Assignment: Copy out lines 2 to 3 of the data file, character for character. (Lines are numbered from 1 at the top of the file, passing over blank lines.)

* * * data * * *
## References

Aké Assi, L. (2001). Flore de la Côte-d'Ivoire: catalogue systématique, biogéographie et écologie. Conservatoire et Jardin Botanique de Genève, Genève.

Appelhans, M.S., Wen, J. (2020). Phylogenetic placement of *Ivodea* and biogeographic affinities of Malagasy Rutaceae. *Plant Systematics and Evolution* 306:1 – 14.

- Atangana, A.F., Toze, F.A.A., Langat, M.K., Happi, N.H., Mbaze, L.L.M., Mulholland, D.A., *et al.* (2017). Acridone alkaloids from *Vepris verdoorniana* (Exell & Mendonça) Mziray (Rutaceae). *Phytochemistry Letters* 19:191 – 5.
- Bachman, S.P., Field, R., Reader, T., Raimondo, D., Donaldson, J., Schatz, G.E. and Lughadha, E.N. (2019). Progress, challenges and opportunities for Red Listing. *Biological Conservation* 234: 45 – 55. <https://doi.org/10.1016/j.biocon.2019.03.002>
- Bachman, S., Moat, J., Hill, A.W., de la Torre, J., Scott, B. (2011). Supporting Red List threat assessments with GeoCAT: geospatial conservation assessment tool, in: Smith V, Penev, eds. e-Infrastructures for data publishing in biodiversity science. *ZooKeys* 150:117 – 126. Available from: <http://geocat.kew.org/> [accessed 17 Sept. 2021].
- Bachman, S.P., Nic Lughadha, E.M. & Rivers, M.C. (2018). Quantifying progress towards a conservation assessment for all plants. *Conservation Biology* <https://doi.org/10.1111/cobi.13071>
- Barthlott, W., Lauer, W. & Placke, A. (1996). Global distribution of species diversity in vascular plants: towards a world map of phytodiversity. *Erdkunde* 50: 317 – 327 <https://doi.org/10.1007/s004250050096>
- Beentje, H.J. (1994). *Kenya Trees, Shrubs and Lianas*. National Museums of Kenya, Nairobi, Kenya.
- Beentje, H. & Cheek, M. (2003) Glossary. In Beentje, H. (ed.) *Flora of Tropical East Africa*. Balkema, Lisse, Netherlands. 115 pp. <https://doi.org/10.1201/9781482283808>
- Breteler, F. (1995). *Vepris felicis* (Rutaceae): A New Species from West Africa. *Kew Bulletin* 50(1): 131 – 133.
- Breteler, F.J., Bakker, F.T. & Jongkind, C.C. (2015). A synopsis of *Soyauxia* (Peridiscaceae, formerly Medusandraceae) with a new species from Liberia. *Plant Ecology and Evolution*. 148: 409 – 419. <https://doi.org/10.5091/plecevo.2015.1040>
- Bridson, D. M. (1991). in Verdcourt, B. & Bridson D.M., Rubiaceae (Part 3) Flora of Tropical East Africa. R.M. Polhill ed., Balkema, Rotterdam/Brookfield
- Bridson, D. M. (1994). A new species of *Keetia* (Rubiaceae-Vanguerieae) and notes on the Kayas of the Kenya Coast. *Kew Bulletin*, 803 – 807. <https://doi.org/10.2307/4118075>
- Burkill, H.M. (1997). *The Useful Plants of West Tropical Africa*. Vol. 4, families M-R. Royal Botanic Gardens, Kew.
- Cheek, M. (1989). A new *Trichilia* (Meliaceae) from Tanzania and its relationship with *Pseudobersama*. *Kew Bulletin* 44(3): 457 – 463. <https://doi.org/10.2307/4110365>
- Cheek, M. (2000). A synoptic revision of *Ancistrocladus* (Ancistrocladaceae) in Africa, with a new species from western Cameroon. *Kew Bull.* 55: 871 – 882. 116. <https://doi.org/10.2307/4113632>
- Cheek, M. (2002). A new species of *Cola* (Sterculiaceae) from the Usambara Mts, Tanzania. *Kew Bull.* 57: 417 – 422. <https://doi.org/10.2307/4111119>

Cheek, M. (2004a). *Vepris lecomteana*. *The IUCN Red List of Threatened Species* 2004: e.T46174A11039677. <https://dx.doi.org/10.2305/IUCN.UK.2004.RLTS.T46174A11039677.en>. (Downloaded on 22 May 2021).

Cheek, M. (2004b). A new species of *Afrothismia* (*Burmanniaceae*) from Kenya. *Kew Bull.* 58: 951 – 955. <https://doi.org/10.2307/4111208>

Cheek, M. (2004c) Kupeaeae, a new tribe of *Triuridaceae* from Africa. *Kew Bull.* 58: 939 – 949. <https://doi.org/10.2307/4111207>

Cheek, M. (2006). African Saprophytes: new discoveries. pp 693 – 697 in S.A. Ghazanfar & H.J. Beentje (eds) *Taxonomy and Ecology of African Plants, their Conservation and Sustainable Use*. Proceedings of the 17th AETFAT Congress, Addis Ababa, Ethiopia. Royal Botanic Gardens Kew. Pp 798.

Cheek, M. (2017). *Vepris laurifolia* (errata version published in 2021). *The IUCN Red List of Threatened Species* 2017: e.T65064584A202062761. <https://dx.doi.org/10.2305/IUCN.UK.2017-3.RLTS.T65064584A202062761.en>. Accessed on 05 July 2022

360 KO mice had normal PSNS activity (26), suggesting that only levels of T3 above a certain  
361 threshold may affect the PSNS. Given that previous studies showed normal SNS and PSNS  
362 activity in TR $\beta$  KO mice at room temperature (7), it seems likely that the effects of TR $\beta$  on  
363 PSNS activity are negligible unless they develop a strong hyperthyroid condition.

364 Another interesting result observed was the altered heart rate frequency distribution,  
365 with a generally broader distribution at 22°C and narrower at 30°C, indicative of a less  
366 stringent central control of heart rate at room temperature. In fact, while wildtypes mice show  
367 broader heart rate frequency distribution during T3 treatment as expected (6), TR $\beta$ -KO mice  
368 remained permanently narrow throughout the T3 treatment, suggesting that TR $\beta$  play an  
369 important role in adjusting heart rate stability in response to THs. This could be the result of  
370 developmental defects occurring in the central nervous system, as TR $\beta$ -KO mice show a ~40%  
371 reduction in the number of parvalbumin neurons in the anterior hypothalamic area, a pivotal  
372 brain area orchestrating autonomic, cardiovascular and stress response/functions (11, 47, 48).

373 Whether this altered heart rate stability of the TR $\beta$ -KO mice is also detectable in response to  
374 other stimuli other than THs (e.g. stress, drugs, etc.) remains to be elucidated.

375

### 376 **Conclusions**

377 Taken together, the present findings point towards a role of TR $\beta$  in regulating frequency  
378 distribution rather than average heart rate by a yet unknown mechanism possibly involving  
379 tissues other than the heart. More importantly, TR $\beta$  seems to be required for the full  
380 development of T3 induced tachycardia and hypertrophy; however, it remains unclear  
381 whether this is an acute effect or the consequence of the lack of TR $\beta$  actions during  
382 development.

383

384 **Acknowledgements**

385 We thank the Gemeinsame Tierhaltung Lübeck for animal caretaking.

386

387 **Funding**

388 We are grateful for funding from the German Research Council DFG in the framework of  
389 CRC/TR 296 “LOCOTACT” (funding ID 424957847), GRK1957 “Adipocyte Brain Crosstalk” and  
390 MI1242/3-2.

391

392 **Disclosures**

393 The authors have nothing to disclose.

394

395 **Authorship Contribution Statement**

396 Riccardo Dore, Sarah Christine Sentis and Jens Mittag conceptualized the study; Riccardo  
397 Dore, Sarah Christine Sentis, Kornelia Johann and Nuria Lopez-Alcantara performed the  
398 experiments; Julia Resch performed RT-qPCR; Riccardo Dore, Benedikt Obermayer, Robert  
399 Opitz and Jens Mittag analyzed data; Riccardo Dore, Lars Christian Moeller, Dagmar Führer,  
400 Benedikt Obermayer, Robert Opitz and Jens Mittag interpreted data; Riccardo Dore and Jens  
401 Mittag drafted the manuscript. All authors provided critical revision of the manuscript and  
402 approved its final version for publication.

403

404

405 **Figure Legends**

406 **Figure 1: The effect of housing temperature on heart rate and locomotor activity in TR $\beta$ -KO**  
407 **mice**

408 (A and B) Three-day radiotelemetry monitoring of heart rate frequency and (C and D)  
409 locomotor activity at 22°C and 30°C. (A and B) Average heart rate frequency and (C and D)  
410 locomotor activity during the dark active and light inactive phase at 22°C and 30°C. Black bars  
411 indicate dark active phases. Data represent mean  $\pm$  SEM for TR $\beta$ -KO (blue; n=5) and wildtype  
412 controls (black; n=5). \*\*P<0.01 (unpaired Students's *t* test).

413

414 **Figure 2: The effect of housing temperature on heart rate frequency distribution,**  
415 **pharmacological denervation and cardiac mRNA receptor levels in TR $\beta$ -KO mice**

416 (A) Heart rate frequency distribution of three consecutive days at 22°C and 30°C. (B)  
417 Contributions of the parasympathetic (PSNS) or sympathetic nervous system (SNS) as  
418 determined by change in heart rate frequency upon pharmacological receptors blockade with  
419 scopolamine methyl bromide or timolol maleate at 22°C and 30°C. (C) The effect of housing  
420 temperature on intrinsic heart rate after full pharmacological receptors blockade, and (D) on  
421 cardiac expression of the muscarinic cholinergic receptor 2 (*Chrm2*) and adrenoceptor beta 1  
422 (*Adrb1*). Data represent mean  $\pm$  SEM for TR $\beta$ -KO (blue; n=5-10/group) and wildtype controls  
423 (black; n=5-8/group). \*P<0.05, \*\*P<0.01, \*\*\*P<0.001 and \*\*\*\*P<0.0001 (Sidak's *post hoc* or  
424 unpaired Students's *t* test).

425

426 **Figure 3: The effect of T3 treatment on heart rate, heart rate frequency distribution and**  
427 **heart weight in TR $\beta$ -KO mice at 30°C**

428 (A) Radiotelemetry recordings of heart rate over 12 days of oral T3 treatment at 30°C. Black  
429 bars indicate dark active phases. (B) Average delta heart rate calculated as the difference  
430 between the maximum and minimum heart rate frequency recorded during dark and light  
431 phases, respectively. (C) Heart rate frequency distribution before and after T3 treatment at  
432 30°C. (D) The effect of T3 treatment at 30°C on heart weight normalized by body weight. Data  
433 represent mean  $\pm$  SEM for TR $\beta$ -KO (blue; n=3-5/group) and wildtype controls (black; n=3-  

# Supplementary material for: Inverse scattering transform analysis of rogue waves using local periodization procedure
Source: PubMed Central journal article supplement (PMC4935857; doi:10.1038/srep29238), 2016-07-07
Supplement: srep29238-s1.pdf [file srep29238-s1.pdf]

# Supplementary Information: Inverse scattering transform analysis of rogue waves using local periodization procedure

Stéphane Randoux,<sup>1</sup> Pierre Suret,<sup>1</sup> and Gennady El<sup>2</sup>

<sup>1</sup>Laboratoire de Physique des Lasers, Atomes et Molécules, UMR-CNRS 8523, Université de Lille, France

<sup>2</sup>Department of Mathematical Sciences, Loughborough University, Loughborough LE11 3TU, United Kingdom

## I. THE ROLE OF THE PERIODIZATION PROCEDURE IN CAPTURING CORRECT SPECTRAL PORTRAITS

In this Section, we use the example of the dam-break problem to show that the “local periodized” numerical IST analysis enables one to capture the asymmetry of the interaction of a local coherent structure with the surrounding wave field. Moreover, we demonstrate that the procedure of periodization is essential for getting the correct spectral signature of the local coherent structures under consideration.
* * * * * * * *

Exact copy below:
Aké Assi, L. (2001). Flore de la Côte-d'Ivoire: catalogue systématique, biogéographie et écologie. Conservatoire et Jardin Botanique de Genève, Genève.

Appelhans, M.S., Wen, J. (2020). Phylogenetic placement of *Ivodea* and biogeographic affinities of Malagasy Rutaceae. *Plant Systematics and Evolution* 306:1 – 14.